Stop test drilling, primaries warned

12th November 2004 at 00:00
Exam watchdog crackdown on teachers forcing 11-year-olds to cram for Sats.

Teachers are preparing 11-year-olds for tests in English by getting them to learn passages of text and stock phrases to be regurgitated later, word for word.

England's test regulator has warned schools against "unacceptable" over-preparation for key stage 2 assessments.

Cases where answers from one class are suspiciously similar will be investigated for malpractice, the Qualifications and Curriculum Authority has said.

The QCA's latest test guidance says: "In the past, some pupils have learnt or practised pieces of writing ... to reproduce in the English writing test. This is not acceptable. If pupils' responses do not relate to the writing prompt given in the test, they will not gain any marks for composition and effect.

"If several pupils in a class write using similar or identical words or phrases or form, their work may be reviewed for malpractice."

Sue Palmer, a TES columnist and literacy consultant, said she had received similar reports from teachers and test markers.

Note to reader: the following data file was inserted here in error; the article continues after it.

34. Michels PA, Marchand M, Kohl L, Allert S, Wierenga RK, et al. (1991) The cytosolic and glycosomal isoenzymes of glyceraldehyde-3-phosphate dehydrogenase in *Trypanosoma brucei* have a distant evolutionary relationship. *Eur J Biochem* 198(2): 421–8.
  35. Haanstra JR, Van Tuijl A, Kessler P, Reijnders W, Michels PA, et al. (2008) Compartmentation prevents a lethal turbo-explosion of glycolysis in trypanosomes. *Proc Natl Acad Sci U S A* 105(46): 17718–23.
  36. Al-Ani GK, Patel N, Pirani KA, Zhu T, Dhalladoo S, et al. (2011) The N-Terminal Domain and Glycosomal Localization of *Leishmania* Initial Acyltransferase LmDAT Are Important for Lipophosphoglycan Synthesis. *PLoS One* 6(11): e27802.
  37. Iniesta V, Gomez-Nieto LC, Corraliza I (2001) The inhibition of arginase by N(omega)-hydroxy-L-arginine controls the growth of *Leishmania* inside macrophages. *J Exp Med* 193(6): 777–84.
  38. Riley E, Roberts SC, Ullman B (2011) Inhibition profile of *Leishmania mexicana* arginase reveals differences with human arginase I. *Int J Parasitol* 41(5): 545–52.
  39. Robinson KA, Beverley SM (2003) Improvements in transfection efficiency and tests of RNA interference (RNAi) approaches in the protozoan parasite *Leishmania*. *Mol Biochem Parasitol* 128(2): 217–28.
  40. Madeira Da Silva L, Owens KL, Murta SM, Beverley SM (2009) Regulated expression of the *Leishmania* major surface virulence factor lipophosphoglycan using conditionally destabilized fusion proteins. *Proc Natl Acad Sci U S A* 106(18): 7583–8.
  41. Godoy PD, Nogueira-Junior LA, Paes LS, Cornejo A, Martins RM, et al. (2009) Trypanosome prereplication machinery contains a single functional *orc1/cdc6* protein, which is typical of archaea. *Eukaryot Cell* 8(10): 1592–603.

"I have heard of schools where pupils practise writing a story and report writing for the whole of Year 6. The kids are bored out of their heads but the school feels it has to do it because of the pressure to improve results," she said.

Dr Bethan Marshall, of King's college, London, said: "Sometimes pupils are encouraged to use rhetorical triplets, such as 'I would like to persuade, urge and plead with you' to do something. It's redundant - it doesn't teach you to write better, just to follow rules."

This summer, the QCA admitted that Year 6 pupils were spending two hours a week practising English test papers, and further time on maths and science papers, at the expense of other subjects.

John Gawthorpe, head of Mayhill primary, Odiham, Hampshire, said: "This is what happens when politicians do not trust teachers to make sound professional judgements."

A QCA spokesman said that changes to the tests, introduced last year, made it more difficult for pupils to write according to pre-prepared suggestions.

Evidence that some secondary teachers do little to stop students flouting coursework rules has emerged in reports on this year's A-level and vocational exams.

For media studies, some teachers were passing off candidates' work as authentic even where coursework was nearly identical.

This was also identified as a problem by Edexcel in its popular GNVQ in information and communications technology. The board has warned schools about textbooks or online courses which give guidance to pupils on what to write for coursework. Candidates could not expect to get higher grades if they took this approach.

* The Welsh National Assembly this week approved the removal of statutory tests for 11-year-olds.

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